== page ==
Manu Ganji

System Design

Good design is half the solution. I’ll list down the considerations that make a good design. Obvious things like Redundancy and Availability are omitted as they are sufficiently well discussed by now.


In my opinion Scale impacts everything in a project. Knowing the scale at which the system will operate at will really impact good design. Especially in Tech, the default approach is design for extreme scale (biggest, fastest, etc) which results in needless optimisation. In reality however, there are users at all levels of usage.

Bureaucracy - Scale changes the level of Bureaucracy. Higher scale means less flexibility to change or to experiment.

Exponentials - Not understanding exponentials has caused a lot of suffering. An exponential curve is not at all intuitive to human mind so you must pay special attention to exponential behaviours in system design. For example take a manual process that normally takes 2 hours per day. Now automating that might make process happen in 5 minutes but the impact of mistakes has also gone up exponentially.

Centralised systems (which most tech is) are good for standardisation and benefits of scale but they are always bad at handling diverse conditions. The diseconomies of scale are glaring once you look beneath the surface.

Interventionist Bias

Its very hard to resist Interventionist bias. But its important to realise that not doing something is also a decision.

Rules are bad - I can’t remember the last time I saw rule that doesn’t break under some condition. As soon as something bad happens we want to create a rule or a policy to make sure that doesn’t happen again. But sometimes accepting a small risk is better than creating inflexible rules. This tendency to do something about it is very hard to resist.

Excessive Automation - Again interventionists tend to forget the hidden redudancies of manual processes. Everything that can be automated need not be automated.

Gathering Requirements for the System

I’ll list down the order of preference for source of requirements

  1. Experienced Practitioners: This is by the far the best source for requirements. They’d have done the processes thousands of times. Often manually or with little automation. They can often tell what they want and more importantly why they want it. They can be opinionated sometimes. One good filter is to pick the leader for your desired variable which could be RoI/ Time spent on job/ Least manpower required/ Maximum customer delight, etc.

  2. Customer Interviews: Interviewing a bunch of potential users for your tool. This has one advantage - you get to hear multiple perspectives about the same problems. But it is also often that a small minority figures out the secret to success while the majority constantly misses the obvious.

  3. Tinkering and Optimisation: You come up with an outsider approach to a problem and put something out there. You react to customer feedback and constantly test your assumptions.


The working of the system must be transparent to end users. Suppose someone made a tool to sum up the values on column A of a table. It may happen that total of values in column A and column B come out to be equal during January though in individual rows column A and B differ. It maybe convenient to implement a sum on column B and demo the correct answer. But that won’t stay correct forever. At least after January passes. But I see such code surprisingly often.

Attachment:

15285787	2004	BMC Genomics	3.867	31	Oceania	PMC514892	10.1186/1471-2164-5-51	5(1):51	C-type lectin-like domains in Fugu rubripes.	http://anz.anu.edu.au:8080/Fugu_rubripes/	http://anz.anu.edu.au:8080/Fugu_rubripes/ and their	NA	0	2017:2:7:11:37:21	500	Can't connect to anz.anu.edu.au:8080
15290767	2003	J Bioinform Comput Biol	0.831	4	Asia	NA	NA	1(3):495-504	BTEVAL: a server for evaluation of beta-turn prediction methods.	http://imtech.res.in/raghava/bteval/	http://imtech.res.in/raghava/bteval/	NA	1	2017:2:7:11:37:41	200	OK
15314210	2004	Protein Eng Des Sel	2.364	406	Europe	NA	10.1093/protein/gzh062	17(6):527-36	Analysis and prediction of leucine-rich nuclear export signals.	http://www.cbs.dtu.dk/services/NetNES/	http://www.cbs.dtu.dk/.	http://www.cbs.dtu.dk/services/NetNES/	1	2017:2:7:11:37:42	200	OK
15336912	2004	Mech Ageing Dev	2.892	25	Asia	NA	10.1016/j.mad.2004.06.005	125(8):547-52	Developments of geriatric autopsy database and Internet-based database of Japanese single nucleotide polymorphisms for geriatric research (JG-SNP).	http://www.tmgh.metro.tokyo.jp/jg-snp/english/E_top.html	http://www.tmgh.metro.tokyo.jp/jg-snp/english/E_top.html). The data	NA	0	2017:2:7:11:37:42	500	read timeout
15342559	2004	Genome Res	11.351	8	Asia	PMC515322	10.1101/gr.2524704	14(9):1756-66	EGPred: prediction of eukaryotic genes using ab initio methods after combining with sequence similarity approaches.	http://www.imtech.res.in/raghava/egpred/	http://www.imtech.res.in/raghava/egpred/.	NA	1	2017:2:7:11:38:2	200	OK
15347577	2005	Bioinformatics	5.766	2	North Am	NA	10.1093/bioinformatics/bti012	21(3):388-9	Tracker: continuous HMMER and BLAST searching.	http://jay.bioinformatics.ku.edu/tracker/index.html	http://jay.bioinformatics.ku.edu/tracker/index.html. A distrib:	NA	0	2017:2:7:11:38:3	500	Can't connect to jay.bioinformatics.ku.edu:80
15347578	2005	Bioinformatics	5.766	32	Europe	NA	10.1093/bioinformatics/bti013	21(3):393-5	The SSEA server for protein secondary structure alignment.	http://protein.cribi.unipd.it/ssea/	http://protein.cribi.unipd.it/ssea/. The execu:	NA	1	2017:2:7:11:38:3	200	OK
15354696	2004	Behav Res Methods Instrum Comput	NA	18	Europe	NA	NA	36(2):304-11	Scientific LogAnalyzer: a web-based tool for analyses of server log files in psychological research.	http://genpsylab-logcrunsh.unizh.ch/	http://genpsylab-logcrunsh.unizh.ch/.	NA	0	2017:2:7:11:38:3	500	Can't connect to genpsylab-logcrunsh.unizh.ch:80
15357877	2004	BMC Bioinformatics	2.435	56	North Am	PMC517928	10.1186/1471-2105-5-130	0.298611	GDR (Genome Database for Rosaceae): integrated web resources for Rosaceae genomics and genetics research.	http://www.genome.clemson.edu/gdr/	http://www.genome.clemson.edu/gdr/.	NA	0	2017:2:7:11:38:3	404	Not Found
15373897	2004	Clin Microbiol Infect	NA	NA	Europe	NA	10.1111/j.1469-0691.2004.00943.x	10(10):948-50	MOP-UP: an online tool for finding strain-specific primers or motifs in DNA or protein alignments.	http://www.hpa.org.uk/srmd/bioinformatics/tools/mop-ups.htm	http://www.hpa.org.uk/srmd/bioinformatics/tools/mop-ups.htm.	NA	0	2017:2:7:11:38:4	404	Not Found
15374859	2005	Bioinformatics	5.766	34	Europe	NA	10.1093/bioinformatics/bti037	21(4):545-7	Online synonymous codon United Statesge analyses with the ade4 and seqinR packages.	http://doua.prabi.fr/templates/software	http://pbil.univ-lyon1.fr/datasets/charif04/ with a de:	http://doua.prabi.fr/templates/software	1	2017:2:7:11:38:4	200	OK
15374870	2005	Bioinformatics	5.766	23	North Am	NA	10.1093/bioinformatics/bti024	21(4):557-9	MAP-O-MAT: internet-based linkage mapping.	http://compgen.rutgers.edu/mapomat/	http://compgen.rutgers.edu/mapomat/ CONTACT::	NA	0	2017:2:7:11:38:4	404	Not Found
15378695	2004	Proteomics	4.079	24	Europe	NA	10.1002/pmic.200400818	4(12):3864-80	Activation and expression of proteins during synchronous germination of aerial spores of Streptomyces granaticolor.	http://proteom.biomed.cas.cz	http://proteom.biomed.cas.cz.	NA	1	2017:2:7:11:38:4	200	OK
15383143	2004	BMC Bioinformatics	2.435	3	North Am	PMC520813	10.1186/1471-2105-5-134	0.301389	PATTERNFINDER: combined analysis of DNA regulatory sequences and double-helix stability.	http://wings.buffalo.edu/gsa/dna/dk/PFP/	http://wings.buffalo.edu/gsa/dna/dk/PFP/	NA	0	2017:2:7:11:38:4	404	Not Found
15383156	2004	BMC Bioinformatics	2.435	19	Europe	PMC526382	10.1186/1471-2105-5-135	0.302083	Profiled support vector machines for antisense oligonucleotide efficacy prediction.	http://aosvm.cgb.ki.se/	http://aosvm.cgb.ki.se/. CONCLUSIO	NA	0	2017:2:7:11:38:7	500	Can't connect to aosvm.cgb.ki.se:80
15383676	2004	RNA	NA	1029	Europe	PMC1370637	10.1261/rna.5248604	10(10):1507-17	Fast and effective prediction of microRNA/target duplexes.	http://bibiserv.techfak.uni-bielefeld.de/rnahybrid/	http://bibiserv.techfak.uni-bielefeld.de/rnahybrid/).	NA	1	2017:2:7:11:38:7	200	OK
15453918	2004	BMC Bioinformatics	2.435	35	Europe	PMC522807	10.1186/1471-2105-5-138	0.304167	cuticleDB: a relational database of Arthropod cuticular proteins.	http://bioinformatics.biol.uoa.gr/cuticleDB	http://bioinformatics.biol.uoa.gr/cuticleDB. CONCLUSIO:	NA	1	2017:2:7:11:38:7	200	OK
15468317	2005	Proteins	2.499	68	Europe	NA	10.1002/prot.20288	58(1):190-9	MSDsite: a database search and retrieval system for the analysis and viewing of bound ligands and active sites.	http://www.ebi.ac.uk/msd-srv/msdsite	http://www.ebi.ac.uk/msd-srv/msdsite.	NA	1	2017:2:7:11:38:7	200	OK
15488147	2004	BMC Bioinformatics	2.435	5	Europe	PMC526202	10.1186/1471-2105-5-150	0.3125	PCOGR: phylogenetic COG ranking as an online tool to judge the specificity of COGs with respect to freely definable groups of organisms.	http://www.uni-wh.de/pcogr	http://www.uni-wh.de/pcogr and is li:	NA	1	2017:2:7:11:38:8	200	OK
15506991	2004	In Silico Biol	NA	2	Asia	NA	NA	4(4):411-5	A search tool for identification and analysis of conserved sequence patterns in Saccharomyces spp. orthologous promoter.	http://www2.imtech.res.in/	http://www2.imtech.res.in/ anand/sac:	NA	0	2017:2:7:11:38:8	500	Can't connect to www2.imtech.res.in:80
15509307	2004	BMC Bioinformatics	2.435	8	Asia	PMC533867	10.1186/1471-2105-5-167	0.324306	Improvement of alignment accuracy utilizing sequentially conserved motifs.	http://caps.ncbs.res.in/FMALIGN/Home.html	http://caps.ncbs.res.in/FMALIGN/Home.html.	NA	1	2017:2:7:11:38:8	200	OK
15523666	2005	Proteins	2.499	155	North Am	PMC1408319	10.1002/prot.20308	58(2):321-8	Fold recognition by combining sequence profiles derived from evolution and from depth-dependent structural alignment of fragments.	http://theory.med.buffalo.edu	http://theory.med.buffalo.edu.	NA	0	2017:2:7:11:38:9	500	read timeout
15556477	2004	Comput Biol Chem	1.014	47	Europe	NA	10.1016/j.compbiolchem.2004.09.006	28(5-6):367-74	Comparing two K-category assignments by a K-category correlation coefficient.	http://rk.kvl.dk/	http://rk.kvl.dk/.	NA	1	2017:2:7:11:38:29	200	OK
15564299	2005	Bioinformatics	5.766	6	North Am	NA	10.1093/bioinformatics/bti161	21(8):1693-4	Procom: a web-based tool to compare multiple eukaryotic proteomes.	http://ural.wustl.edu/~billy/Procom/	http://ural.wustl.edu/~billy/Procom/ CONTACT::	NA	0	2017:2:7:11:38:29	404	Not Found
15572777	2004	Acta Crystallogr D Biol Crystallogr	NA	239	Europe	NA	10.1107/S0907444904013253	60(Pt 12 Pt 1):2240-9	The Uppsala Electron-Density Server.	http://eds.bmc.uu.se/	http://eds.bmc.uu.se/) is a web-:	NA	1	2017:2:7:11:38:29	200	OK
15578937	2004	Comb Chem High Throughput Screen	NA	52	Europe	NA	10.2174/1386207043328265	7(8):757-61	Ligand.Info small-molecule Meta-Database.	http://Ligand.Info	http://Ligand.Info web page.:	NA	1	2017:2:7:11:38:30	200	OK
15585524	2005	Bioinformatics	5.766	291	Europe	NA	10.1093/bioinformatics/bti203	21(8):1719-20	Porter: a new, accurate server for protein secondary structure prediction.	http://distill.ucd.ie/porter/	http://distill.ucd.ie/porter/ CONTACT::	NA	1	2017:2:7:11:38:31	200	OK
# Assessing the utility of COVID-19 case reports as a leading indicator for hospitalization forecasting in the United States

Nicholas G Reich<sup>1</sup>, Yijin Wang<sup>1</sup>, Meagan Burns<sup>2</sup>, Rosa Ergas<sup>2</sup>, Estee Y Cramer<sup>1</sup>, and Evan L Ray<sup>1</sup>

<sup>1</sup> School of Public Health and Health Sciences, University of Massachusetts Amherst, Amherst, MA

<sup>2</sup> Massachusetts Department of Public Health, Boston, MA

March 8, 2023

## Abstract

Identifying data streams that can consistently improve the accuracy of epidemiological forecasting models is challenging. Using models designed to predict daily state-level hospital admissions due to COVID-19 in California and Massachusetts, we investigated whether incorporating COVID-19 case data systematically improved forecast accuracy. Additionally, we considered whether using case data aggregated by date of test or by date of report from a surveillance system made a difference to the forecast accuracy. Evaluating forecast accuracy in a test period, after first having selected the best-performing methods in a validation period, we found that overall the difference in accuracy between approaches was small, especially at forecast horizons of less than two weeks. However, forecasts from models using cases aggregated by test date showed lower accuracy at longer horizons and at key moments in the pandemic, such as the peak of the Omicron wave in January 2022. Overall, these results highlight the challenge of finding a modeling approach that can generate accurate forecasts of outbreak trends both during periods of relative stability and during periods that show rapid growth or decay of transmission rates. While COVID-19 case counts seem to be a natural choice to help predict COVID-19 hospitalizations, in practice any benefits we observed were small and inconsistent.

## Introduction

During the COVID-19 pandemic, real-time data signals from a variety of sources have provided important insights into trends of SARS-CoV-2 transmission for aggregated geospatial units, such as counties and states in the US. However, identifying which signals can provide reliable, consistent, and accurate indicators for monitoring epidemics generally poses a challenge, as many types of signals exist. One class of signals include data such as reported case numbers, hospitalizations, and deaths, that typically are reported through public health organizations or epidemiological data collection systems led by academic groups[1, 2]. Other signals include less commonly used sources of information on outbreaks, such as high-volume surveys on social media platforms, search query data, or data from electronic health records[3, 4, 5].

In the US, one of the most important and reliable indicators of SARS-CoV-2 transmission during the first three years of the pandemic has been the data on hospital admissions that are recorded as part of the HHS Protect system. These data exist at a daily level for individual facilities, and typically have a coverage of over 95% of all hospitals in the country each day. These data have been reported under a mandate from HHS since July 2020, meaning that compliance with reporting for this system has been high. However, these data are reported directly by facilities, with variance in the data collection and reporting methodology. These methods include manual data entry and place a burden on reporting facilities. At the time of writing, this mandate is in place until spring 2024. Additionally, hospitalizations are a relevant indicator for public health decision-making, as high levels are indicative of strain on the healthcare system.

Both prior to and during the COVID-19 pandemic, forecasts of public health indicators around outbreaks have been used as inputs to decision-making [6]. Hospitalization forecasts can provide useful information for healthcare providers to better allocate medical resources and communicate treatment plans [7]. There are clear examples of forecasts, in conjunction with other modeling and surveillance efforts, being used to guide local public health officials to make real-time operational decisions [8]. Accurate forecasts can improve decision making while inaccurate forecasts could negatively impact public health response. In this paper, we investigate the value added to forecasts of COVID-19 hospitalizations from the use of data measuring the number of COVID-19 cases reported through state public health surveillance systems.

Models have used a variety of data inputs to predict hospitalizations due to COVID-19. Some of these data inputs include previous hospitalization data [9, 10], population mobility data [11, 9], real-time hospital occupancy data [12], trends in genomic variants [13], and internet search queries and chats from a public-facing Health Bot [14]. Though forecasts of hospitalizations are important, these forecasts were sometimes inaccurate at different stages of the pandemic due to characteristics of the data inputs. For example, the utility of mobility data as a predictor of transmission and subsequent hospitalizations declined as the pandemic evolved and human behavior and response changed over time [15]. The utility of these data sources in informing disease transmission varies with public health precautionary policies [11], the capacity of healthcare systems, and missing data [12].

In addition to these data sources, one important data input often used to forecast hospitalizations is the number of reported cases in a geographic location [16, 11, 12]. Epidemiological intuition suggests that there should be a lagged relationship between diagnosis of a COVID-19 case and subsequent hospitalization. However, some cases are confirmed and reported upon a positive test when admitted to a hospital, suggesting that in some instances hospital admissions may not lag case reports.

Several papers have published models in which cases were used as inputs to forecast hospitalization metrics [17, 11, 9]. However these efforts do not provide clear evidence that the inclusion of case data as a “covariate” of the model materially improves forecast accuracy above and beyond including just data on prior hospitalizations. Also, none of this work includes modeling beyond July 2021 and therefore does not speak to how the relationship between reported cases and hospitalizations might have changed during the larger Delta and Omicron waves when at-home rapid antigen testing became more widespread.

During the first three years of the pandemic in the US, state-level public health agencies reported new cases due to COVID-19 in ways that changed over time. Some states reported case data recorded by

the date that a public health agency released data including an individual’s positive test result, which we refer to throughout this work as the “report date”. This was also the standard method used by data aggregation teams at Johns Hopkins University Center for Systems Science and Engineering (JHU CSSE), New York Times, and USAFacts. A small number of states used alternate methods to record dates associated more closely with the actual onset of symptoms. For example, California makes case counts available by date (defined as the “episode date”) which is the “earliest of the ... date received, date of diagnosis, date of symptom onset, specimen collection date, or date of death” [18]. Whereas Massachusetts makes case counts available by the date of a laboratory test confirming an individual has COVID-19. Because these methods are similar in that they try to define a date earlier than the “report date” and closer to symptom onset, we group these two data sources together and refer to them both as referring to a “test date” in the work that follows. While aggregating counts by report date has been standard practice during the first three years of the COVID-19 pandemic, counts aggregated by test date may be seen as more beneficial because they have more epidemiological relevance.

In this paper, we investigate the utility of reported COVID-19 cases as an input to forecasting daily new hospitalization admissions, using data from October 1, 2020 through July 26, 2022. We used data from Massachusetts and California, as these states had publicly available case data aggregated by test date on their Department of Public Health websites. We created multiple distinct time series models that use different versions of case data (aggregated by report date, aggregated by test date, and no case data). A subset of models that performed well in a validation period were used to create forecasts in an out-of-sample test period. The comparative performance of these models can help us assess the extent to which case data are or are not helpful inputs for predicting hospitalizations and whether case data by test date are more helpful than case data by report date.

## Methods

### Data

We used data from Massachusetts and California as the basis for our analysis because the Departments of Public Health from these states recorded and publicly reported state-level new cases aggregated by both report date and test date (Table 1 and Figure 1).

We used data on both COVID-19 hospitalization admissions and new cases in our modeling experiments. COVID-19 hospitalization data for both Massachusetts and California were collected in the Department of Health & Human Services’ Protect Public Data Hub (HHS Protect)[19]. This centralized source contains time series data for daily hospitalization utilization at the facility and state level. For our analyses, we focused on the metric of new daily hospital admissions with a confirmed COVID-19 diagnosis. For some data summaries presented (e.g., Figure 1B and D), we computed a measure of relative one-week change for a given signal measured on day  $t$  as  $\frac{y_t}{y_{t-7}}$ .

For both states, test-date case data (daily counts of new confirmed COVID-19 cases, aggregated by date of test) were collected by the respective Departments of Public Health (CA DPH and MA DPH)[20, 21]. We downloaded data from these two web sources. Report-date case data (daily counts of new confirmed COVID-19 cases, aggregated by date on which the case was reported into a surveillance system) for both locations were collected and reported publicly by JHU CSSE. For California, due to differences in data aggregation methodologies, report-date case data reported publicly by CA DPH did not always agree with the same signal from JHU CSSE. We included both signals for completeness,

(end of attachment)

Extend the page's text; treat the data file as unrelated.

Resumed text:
Revealed Systems invite end users to use them in novel and correct ways and also aid for redundancy in case they stop working for some reason. An opaque system which hides implementation almost always carries bad and complex design because it is closed for verification.

Immediate Feedback

When things break, are being created or changed users expect immediate feedback. Make loud noise when things break. Users need to know if they are doing a good job. Its best to keep that feedback loop to the shortest possible. Also it should be dead simple to provide feedback to the Administrator.

Integration into Workflow

Who doesn’t remember a fantastic tool that the manager brings in which almost immediately gets orphaned? A good tool integrates smoothly into the workflow. Right from the language. Calling something an invoice does make a difference versus just calling it a document. Everyone on the team must know who their end user would be, how their day goes like and how they talk about their work.

Testing Assumptions

Everything is an assumption until proven. You could make assumptions about scale of usage, about a feature, the distribution channel and any other variable that could affect your team’s fate.

Behavioural Science

People are irrational. Imporant to understand that what looks good on paper is rarely what people do in reality because of their biases or prejudices. So the design you came up with could end up being used in a completely different way. So complement with visual cues and other behavioural science techniques to drive effective usage.

Simple is better than Complex

There is an urge to look for complex answers. Simple answers are more robust to uncertainty. Complex answers are more specific and more fragile.

Skin in the Game

Eliminate Agency problem. It happens when stake holders have asymmetric exposures to risk so that decision makers only enjoy the upside while being shielded from the downside. This is again an old idea but Taleb brought it back to focus in Antifragile.

Resources to understand better.

  • Small Is Beautiful by E F Schumacher
  • Thinking Fast and Slow by Daniel Kahneman
  • Antifragile by Nassim Nicholas Taleb
  • Lean Startup by Eric Ries
  • Bret Victor - Inventing on Principle